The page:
During the last few years the global aviation industry has demonstrated an impressive growth thus naturally prompting the development of the aircraft maintenance market. TeamSAI forecasts that this year the global MRO market will be worth approximately $60 billion and should reach almost $90 billion by 2024. The airframe MRO segment is expected to account for about $18 billion whilst around $9 billion are to be spent on maintaining narrowbody aircraft alone. However, according to industry experts, considering the latest trends most of the upcoming growth is expected to be fuelled by the demand for various modernization services.
Along the steady recovery of the aviation industry worldwide, the MRO business is naturally expected to hold fairly steady in 2014. This also applies to the airframe MRO segment. The statistics from various sources suggest that the largest amount of works in the segment are to be conducted on the Airbus A320, closely followed by the Boeing 737 family. In the meantime, the scope of services to be delivered on these aircraft should reach $7 billion, divided almost equally between Airbus’ products (about $3.5 billion) and Boeing’s machines (about $3.4 billion). For instance, Timco Aviation Services reports that currently the narrowbody MRO accounts for about 70% of their workload and is mostly divided between A320s and B737s. AAR Corp. have also stated that in 2013 approximately a fifth of almost 5 million man-hours spent in their facilities were dedicated to services for B737s with a similar amount of hours spent on servicing the most popular Airbus models.
Such statistics should raise no eyebrows, since the fleet of these aircraft is one of the largest around the globe. Low cost carriers are particularly fond of these models, and their orders just keep getting larger: this year alone almost 1100 new aircraft are to be delivered globally (with almost 60% of them being narrowbodies). However, while the works conducted on these two families are expected to account for almost 75% of the entire airframe MRO segment, the value of C-to-D check-related services planned to be conducted on the aircraft is expected to sum up to only $1 million. According to industry experts, this is so because a large share of the forecasted segment growth should be attributed to the rising demand for various refurbishment services.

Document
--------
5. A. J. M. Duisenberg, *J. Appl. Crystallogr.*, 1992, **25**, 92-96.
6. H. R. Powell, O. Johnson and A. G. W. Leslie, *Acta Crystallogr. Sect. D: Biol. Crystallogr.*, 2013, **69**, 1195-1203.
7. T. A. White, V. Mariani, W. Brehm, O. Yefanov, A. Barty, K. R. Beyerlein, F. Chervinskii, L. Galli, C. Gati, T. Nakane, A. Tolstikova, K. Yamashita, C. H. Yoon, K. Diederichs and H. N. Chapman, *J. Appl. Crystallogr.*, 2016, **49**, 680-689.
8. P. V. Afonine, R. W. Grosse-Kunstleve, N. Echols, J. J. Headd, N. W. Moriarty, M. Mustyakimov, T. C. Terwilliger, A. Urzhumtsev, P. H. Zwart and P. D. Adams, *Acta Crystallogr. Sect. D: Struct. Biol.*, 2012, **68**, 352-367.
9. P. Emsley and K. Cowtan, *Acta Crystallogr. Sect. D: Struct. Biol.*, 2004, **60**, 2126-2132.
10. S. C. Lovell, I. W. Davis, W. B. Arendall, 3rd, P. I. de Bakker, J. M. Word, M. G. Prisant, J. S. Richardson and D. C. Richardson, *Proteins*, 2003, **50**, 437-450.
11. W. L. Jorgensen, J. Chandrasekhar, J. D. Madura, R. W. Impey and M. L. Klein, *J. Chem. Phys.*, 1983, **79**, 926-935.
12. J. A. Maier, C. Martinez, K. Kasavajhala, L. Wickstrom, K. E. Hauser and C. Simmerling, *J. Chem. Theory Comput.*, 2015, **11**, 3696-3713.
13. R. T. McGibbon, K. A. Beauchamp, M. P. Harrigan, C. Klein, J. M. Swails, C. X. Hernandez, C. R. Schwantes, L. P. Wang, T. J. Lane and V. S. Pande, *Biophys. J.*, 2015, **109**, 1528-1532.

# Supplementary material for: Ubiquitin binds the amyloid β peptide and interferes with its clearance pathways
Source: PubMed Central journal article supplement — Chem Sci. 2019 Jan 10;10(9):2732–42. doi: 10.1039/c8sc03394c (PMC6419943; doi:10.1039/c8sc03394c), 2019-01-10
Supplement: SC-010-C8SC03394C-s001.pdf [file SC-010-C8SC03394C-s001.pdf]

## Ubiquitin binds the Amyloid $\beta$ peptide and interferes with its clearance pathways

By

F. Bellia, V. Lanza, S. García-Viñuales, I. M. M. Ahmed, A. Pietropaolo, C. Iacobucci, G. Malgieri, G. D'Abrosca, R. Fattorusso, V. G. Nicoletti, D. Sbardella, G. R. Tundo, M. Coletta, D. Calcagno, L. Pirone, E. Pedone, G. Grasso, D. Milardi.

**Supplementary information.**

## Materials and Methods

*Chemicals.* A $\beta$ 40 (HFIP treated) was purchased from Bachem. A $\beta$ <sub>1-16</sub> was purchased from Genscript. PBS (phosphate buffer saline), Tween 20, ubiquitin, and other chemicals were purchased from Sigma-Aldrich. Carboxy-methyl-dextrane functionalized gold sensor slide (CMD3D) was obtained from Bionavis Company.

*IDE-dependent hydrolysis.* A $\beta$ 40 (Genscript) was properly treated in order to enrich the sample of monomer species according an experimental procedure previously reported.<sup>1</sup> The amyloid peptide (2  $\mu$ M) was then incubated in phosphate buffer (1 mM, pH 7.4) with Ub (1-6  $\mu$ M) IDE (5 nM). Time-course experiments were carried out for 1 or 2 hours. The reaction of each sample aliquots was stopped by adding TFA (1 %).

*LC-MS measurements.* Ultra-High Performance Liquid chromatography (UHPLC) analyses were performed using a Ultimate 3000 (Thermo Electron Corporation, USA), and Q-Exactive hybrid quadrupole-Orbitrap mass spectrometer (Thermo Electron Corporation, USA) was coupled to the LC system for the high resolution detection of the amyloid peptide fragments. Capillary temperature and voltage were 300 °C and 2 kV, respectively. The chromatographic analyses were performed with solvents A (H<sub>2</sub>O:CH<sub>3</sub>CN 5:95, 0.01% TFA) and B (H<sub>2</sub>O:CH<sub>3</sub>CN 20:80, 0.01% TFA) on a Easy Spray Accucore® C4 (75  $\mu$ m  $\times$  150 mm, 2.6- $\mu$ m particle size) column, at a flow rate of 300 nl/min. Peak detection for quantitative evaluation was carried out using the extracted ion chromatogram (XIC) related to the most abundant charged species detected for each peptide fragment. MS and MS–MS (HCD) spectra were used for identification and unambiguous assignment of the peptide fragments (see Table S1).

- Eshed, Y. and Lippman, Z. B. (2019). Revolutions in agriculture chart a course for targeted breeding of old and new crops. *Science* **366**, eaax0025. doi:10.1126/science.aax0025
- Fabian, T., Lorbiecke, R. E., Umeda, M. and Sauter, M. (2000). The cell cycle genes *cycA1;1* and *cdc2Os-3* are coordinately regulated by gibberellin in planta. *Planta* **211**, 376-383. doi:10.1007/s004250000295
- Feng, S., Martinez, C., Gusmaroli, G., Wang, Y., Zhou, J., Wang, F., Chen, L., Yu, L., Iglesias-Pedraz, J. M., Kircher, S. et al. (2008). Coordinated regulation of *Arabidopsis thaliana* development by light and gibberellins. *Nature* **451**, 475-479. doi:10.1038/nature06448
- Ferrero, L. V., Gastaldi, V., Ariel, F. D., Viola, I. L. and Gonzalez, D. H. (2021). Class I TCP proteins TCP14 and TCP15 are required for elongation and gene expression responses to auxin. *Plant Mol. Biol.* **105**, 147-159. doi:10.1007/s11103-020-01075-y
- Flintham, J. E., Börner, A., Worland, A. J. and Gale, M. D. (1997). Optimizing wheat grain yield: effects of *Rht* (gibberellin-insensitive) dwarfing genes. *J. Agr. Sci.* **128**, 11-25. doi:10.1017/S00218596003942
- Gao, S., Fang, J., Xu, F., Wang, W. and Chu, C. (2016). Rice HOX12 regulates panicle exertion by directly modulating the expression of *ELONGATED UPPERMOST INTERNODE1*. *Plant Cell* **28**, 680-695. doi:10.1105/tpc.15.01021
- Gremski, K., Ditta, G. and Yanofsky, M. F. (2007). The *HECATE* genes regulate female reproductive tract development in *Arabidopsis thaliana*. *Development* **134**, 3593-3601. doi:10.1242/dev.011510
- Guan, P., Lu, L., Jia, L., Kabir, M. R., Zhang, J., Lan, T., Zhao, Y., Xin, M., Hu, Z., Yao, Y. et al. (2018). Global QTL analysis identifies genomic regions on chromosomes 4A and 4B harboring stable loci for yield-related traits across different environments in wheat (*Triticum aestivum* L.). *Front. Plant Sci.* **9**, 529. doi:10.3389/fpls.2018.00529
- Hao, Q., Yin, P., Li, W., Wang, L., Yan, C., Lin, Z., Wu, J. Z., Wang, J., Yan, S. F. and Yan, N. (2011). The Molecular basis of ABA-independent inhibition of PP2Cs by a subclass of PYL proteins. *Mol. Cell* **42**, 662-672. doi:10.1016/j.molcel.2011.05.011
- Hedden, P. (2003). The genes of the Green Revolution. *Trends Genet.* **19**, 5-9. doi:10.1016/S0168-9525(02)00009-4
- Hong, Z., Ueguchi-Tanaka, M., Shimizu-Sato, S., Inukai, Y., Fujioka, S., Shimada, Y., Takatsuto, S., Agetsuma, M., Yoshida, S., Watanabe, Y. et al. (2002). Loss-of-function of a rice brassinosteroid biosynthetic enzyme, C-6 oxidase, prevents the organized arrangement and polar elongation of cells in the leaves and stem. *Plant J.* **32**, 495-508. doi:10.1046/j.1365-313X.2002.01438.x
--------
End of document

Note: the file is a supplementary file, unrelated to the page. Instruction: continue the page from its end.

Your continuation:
Some experts forecast that in 2014 the size of the aircraft modernization-related MRO will grow by around 10%. Their beliefs are largely based on the increasing necessity to grow competitiveness through fleet unification (especially among the merged airlines), the development of on-board entertainment services and the growing need for on-board Wi-Fi systems. Moreover, carriers worldwide are still struggling to cut down on operating expenses. This forces them to consider such options as weight reduction, which can be achieved through cabin modifications and the implementation of lighter materials. Therefore, there is no surprise that such work currently accounts for about 7% of the entire MRO market.
‘Since most carriers are fully satisfied with the performance of the B737 and A320 families, one should expect the share of these aircraft to grow globally. However, as the competition rises, airlines typically try to make the most of their aircraft by investing into interior refurbishment works in order to raise the comfort standards to modern levels,’ says Andrius Norkevicius, the COO of FL Technics Engineering. ‘This naturally raises the demand for the implementation of on-board entertainment systems and Wi-Fi systems. Moreover, as the fuel prices are still very high, various fuel-saving solutions are becoming increasingly popular. For instance, wingtips can offer 1-2% additional fuel-efficiency. Such trends have naturally changed the workload of the MRO providers accordingly.’
Some of the providers report that the same can be said about the regional aircraft operators as well. Timco, for instance, has recently opened a whole new maintenance facility in order to provide services for such aircraft as Embraer ERJ145 and E170/E190 as well as Bombardier CRJ200/700/900 with an added focus on refurbishment and modernization. In addition, while in the past carriers tended to order short-term one type-oriented modernization programs, today more and more airlines opt for programs tailored for the entire fleet. ‘The preferences of the airline customers have a considerable effect on the demand as well. For instance, many passengers who used to fly first or business class are gradually switching to the economy one, thus forcing the providers to raise their comfort standards. Considering this trend accompanied by the demand for weight-reduction and the introduction of such new services as mixed class seats, the pressure on the segment will only increase,’ concludes Andrius Norkevicius, the COO of FL Technics Engineering.